Next to be studied is the so-called three-percent list. The three-percent list was pioneered by a psychologist, Michael Baron, of Albuquerque. It is based on the assumption that of the 76,000 bingos listed in the OSPD, most can be discarded as unlikely ever to appear on a Scrabble rack; a few thousand, however, will appear over and over again. There are, for example, two Vs in a Scrabble set. Trying to memorize bingos with Vs in them is inefficient, because picking one is relatively unlikely. However, there are twelve Es in the game, eight Os, six Rs, six Ns, and so on. The chance that on your first draw you will pick any of the twelve letters contained in Baron's list of bingos is three percent or better—hence the name. Baron also discovered that certain six-letter combinations occur with uncanny frequency. By learning the six-letter words and all the possible sevens that can be made from them, players can digest an enormous number of new words and immediately find the bingo when a familiar combination is picked. The letters in satine can form sixty other words with the addition of a seventh letter, and the letters in retina can form almost as many.

Consider the word amines, meaning certain chemical compounds. It has six letters, and by adding a seventh you can make a bingo. Try it. Okay, you've failed. But if you were familiar with the list, you wouldn't have fumbled with the letters, arranging and rearranging them for the solution. You would say amines with a d is sideman or maidens. With a g it's seaming or gamines; with an l, seminal; with an r, seminar or marines; and so on. The strategy is to assemble a six-letter word known to be fertile territory for seven-letter words and just add the missing letter from memory. Thus, the astute player assembles satine oramines, recalls his list, and makes etesian or samisen.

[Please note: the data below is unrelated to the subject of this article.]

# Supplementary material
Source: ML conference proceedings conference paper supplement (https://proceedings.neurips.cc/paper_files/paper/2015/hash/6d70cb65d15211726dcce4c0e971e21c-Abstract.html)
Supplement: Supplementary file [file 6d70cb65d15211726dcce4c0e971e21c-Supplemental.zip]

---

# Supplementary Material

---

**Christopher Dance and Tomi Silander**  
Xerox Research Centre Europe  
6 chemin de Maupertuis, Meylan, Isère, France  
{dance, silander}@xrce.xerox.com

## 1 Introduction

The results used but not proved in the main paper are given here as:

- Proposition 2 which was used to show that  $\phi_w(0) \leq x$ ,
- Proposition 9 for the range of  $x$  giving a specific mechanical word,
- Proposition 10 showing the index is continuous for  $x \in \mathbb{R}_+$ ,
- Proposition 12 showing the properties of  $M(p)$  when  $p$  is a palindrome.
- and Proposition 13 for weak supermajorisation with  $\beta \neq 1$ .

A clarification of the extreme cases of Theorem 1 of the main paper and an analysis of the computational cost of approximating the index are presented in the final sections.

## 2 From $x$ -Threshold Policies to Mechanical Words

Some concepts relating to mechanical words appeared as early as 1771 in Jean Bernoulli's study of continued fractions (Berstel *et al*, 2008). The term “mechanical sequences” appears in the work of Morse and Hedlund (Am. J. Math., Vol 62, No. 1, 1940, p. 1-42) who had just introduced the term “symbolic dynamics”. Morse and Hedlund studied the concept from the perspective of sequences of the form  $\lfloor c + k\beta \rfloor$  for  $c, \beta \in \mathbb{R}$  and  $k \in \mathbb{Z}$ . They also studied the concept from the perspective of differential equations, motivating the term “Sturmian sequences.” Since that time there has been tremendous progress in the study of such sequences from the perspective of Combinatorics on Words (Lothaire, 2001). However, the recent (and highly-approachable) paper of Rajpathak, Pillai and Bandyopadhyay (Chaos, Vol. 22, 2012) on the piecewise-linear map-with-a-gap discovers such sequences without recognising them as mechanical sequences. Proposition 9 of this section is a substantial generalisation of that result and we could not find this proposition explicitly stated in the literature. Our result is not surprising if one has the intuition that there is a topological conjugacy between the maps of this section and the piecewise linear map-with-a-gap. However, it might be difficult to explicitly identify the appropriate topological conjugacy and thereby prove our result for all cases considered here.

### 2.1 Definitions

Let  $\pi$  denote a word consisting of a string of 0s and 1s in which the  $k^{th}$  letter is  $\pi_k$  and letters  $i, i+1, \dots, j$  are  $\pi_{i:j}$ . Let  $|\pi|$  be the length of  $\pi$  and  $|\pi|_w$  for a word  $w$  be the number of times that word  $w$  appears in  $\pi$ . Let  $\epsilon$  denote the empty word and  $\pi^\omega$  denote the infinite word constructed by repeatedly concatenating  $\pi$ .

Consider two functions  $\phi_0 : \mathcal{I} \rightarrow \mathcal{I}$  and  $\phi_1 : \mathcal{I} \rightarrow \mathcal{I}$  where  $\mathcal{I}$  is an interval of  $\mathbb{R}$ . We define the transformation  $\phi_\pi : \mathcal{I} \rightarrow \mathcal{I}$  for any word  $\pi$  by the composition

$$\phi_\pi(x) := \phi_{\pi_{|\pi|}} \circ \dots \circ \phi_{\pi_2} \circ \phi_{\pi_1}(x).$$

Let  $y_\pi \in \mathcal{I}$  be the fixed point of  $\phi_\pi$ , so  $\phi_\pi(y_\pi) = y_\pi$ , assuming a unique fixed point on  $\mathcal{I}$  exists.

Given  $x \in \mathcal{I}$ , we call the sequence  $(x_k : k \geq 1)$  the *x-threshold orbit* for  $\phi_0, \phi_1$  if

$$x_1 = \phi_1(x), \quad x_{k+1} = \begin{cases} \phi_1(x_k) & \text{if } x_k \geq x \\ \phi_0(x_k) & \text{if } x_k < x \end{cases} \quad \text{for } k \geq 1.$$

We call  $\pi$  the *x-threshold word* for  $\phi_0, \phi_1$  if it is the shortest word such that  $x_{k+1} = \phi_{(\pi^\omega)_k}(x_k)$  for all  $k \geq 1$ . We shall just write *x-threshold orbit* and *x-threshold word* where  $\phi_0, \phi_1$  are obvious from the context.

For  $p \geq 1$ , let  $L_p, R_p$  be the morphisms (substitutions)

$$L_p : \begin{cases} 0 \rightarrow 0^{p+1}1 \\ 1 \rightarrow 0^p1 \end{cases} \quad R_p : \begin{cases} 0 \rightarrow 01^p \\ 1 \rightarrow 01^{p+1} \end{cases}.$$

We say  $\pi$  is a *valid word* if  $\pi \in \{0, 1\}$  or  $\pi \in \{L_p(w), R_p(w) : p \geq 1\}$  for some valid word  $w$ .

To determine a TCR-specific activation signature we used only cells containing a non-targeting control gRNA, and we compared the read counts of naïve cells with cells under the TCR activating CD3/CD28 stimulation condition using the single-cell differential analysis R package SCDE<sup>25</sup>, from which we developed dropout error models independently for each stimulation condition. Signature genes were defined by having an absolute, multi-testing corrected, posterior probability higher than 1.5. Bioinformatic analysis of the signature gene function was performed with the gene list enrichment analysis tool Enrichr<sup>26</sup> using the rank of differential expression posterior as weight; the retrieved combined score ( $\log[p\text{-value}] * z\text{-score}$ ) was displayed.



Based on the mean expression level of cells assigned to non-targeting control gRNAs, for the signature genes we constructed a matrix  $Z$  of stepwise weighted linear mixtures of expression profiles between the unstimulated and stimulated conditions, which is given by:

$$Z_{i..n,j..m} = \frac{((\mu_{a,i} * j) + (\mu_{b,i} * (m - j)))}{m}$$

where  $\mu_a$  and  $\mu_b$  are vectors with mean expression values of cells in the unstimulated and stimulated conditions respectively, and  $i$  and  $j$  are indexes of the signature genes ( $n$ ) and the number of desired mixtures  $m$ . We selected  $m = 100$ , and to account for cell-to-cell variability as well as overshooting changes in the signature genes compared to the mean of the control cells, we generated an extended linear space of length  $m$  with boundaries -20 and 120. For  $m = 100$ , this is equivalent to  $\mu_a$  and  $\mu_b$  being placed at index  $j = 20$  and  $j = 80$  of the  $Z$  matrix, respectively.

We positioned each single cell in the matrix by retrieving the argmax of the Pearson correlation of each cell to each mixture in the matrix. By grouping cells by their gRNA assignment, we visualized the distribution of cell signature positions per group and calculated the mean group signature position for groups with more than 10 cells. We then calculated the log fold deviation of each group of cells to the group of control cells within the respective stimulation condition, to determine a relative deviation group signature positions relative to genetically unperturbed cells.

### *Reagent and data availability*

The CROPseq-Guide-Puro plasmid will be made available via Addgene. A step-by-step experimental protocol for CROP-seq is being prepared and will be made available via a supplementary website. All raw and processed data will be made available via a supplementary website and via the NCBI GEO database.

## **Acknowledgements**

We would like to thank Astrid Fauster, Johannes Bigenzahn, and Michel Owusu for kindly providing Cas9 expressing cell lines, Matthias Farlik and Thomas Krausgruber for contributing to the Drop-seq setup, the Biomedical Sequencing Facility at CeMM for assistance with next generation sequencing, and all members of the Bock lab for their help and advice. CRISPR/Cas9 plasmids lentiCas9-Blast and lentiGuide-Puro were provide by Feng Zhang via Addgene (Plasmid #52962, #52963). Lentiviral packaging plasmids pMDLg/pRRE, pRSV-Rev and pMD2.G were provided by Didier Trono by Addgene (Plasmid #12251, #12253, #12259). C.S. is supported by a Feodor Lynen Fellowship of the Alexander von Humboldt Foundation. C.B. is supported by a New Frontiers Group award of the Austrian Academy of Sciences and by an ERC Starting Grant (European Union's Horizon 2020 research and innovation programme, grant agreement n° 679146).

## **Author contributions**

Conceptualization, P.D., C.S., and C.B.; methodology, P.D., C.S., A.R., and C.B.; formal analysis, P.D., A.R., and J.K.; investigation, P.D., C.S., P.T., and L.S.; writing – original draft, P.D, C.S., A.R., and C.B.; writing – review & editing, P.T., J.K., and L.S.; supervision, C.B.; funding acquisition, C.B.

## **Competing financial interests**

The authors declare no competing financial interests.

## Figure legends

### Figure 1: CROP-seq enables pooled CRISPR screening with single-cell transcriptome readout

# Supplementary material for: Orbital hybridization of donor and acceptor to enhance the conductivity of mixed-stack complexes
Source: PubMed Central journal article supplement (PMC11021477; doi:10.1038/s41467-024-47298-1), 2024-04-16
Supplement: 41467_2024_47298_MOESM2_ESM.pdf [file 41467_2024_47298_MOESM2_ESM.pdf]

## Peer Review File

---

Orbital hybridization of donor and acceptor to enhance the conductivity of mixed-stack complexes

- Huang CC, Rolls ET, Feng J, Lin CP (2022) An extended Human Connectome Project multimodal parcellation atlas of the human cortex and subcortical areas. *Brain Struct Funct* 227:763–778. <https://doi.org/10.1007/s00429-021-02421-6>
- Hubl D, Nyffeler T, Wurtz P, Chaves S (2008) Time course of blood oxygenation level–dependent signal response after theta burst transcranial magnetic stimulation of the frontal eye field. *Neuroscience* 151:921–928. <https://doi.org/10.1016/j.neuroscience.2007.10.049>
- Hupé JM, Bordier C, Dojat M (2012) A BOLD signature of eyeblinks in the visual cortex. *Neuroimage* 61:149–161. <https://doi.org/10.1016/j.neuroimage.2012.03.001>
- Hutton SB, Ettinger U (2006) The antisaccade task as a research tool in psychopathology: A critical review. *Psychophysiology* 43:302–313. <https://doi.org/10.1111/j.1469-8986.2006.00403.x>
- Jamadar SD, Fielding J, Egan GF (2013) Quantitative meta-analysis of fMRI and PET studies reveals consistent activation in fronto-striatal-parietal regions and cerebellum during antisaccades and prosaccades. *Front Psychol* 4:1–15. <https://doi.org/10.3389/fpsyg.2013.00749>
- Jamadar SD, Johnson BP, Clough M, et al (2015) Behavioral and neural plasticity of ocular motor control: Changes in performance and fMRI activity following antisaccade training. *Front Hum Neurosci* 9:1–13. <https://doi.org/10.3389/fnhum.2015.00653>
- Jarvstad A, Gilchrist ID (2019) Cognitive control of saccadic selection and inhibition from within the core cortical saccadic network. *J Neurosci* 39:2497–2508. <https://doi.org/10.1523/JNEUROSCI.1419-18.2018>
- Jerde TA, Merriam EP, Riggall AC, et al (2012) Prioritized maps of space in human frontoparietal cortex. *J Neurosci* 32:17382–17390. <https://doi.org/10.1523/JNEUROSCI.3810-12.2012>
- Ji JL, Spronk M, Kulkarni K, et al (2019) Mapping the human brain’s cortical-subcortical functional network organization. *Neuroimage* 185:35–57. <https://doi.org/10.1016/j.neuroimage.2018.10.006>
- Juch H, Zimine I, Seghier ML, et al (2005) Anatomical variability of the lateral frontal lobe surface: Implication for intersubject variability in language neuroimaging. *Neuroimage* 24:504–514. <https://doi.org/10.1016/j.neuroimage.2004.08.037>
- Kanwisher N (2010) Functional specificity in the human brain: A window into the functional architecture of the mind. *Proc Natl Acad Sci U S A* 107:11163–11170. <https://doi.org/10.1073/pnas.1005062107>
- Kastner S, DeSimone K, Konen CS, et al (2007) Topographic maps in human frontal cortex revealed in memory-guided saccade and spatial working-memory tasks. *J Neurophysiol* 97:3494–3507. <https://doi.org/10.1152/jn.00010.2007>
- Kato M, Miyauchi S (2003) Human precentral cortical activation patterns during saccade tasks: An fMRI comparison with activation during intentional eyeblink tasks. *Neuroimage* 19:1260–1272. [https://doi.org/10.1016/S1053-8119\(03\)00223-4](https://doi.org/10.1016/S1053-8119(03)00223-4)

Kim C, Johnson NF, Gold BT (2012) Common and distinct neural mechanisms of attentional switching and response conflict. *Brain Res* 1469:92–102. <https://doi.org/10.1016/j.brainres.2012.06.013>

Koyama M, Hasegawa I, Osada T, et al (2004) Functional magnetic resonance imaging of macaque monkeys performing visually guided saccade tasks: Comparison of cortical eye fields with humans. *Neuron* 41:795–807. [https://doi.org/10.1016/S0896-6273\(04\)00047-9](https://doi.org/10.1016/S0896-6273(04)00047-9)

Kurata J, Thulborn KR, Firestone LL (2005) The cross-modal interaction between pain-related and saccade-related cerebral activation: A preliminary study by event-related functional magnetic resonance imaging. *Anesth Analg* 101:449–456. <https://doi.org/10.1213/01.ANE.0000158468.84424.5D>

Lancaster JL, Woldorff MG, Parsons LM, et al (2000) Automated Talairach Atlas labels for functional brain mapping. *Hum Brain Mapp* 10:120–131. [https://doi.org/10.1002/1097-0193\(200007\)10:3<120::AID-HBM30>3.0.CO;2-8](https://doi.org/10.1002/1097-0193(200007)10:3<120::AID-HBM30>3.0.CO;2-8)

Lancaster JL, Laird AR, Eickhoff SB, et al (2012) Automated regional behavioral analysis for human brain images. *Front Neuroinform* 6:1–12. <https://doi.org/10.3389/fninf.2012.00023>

Another tool is the Scrabble "bonus-word" list, which was assembled by three competitive players, Stuart Goldman, David Schulman, and Edward Andy. Schulman is a contributor to the Oxford English Dictionary and the author of An Annotated Bibliography of Cryptography. He has written many articles about words for American Speech magazine and would be expected to be a Scrabble star. Goldman holds the record for the most official Scrabble games played in a lifetime, but neither he nor Andy has anything in his background extraneous to Scrabble to suggest a mastery of words. The Scrabble bonus-word list is similar to the three-percent list, but it takes into account all letters, even the rare high-scoring ones. It is not as mathematically precise as Baron's list but rather reflects the combined instincts of three great Scrabble players. It's arranged in alphabetical order. For instance, if you have AAABLST on your rack and you're stumped, and after the game you look at the bonus list, you will discover, to your amazement, that you had not one but three bingos:atabals, balatas, and albatas.

Posted by Orrin Judd at January 19, 2009 6:35 AM